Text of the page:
Want to go camping at Shi Shi beach, but don't know how? Well, ask yourself this: "Do I have money?" If your answers is "Yes! Yes I do!" then you can go camping.
For a state-of-the-art experience, stop off at the monster Seattle REI on 22 Yale Ave. N. Get lost in the cedar forest planted outside the store, try out waterproof jackets and pants in a special rain booth, scale the climbing wall, and browse the beef jerky and energy bar selection. Once you take out a second mortgage on your home, the friendly staff is happy to sell you anything you need to camp in style. For those on a budget, REI also rents. Don't worry about the $100 fleeces-once you get back to town, you can wear your fleece everywhere! High fashion in Seattle consists of anything Polartec, jeans, and lugged-sole hiking boots. The citizens must wick moisture away from their bodies at an amazing rate.
Get plenty of trail food for your hike, because you'll want to eat all of it in the car. From Seattle, take the Bremerton or Edmonds-Kingston ferry to the Olympic Peninsula. Drive to Port Angeles and stop at the Olympic National Park Wilderness Information Center (3002 Mount Angles Road) to obtain backcountry camping permits ($5 registration plus $2/person for each night). While you're there, pick up a tide schedule and rent a bear-proof food canister ($3 donation). Canisters should contain all your food item and scented toiletries. Be sure to place it 50 to 100 feet from your camp and wedge it in so bears and raccoons can't bat it out to sea.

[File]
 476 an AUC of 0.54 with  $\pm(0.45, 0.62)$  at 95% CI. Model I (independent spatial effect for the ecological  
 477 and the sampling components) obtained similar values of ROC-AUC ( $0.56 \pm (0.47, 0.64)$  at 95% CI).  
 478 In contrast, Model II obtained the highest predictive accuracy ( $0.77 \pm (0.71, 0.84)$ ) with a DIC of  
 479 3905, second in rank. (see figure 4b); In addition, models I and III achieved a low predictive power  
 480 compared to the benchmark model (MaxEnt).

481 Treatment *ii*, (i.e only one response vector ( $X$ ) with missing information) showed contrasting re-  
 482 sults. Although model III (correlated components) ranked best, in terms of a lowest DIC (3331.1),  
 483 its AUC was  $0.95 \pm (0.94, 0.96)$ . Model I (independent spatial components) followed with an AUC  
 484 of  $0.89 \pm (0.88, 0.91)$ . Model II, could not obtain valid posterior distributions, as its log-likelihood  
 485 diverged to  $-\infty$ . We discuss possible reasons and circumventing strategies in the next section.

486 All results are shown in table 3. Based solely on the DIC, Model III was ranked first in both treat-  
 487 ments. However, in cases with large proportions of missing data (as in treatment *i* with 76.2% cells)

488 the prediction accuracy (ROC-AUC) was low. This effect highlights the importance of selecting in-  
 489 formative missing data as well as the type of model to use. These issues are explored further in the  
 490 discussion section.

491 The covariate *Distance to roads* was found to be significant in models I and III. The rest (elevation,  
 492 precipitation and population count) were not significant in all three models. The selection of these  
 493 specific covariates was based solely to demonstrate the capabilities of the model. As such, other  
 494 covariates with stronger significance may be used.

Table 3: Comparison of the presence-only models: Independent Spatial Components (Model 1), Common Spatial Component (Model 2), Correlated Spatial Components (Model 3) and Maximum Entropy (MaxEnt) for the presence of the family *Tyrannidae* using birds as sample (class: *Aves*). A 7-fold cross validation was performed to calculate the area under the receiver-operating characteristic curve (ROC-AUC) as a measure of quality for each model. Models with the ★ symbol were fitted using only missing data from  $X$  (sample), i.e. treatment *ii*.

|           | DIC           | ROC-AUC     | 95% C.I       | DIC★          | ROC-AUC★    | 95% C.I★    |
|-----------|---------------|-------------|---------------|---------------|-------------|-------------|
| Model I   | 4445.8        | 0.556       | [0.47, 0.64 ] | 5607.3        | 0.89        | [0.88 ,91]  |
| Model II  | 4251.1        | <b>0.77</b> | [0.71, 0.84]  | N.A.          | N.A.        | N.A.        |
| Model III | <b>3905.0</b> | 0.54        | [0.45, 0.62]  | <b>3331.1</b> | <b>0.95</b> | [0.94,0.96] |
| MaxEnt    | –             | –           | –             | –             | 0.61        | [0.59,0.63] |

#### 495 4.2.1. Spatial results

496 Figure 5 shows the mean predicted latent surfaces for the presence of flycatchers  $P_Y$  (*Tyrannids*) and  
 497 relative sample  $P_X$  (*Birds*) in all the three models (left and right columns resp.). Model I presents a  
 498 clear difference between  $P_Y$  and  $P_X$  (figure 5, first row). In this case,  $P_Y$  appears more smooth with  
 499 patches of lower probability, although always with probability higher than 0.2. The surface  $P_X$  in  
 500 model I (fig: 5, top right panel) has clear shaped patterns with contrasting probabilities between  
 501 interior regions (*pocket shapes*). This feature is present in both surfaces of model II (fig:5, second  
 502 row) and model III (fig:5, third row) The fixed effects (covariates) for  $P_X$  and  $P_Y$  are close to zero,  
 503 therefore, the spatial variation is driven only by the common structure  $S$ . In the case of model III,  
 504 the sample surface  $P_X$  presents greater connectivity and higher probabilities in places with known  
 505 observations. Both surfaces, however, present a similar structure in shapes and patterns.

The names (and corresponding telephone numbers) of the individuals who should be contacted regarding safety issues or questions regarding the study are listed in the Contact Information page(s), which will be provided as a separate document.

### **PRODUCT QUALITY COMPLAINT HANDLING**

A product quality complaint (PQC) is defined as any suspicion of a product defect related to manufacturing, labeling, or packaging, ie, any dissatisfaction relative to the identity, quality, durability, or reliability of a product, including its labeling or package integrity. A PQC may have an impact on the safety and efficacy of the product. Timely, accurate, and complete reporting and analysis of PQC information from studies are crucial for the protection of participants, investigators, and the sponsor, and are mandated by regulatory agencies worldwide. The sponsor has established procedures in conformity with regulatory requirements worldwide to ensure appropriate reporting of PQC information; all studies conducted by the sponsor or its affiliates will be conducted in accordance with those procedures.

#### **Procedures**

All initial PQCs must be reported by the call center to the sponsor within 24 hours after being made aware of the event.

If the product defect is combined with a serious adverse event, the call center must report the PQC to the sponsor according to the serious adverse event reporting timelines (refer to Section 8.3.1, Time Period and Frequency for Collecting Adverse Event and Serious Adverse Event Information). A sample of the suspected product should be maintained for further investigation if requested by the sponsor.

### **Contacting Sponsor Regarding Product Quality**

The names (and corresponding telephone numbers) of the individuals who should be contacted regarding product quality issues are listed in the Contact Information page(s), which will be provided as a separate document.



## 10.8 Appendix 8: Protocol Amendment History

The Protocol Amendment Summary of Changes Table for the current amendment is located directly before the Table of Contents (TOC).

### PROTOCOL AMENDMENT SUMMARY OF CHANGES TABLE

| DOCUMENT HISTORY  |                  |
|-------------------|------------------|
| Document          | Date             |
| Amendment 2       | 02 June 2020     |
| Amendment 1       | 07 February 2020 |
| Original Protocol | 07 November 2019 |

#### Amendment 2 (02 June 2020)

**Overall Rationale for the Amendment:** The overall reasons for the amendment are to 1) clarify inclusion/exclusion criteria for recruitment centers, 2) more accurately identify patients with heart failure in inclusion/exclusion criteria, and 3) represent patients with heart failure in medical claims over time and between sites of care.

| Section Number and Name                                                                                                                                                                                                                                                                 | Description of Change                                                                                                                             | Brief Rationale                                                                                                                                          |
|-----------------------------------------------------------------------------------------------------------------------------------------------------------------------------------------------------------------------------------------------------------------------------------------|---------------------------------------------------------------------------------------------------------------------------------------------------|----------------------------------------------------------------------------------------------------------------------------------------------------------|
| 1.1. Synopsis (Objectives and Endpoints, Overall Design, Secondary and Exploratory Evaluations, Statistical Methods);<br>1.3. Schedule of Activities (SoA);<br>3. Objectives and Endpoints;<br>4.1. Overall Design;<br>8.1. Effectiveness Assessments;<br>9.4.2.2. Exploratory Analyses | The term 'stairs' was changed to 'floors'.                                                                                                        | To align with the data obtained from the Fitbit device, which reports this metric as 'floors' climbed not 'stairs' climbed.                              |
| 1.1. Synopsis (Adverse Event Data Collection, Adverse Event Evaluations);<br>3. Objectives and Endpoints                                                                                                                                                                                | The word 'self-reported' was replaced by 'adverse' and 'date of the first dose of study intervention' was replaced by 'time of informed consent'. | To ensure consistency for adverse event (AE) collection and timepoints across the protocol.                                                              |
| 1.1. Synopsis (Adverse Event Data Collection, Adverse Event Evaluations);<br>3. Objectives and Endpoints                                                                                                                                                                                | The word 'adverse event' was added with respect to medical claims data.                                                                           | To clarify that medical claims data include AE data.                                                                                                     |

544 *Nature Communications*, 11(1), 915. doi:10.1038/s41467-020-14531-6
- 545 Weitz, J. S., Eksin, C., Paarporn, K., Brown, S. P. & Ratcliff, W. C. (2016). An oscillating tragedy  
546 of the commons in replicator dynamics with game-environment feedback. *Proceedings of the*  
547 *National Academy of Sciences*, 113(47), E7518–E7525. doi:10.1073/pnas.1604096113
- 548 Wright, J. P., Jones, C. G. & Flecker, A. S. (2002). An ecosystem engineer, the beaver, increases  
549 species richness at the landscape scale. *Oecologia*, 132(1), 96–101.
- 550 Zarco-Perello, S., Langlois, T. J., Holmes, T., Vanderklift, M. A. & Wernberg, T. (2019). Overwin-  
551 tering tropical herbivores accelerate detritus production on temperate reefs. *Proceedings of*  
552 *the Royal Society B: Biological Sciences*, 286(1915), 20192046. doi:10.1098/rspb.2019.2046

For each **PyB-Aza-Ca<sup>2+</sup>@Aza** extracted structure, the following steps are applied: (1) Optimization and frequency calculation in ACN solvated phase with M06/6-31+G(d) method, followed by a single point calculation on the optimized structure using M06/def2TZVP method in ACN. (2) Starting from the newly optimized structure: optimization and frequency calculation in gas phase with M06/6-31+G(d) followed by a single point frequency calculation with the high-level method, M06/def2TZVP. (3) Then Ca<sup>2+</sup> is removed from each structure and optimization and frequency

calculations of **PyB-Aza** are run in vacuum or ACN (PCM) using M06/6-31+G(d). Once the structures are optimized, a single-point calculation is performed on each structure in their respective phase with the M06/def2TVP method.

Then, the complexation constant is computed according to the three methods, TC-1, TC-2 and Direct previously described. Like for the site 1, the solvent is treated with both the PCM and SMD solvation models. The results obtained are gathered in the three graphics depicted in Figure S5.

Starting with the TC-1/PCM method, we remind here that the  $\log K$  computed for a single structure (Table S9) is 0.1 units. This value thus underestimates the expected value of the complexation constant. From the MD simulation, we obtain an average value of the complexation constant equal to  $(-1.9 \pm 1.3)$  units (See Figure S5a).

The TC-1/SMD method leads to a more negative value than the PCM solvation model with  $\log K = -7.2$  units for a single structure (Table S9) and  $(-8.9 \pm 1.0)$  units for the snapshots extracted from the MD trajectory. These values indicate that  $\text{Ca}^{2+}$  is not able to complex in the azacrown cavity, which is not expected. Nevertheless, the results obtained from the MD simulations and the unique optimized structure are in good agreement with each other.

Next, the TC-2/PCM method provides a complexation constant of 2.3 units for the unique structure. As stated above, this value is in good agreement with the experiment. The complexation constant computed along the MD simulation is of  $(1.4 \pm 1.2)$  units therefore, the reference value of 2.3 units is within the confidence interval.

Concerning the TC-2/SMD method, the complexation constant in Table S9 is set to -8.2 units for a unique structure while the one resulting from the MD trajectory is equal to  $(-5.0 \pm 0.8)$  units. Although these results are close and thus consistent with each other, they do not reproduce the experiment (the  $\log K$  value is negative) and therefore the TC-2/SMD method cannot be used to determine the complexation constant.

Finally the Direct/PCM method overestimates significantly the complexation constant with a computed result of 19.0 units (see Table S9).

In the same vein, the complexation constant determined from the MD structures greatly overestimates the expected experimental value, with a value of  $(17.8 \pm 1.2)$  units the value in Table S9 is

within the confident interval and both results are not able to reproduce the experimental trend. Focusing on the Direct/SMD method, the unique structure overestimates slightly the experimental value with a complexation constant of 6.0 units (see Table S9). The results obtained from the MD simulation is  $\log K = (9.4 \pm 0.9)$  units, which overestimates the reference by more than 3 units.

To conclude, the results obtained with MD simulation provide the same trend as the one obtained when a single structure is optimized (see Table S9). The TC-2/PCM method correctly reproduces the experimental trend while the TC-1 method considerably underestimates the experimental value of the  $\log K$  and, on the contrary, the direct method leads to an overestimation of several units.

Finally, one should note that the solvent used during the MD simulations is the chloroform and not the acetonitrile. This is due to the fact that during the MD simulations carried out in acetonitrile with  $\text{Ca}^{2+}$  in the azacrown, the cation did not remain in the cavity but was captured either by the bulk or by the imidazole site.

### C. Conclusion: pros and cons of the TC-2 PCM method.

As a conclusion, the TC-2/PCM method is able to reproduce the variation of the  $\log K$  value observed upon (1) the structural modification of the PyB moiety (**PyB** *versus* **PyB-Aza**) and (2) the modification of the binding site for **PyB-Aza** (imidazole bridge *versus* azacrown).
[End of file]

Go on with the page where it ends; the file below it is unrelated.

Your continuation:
Rangers at the WIC will help you plan your trip to Shi Shi and alert you to unusual weather or changes in trail conditions. If you've got the time and the masochistic tendencies, consider the 13-mile coast-and-headland hike from Ozette. For all others, it's about a two-hour drive to Neah Bay and the shorter Shi Shi trail at the Makah Indian Nation reservation. Overnight visitors should park in one of several private Makah homes offering secure parking about a half mile from the trail ($10 for overnight parking). Day-trippers can park at the trailhead.
Although summers are generally warm and dry, be prepared for changeable, wet weather-pack a raincoat and extra clothes, and wear noncotton layers that will keep you warm even if wet. The trail can be very muddy-wear waterproof hiking boots. To impose minimum impact on the environment, camp only on the beach or in established campgrounds. Several freshwater streams flow down to the beach. The water is yellowish from wood tannins but safe to drink if filtered, treated with iodine tablets, or boiled for one minute.
For more information on Olympic National Park, see its website at nps.gov/olym.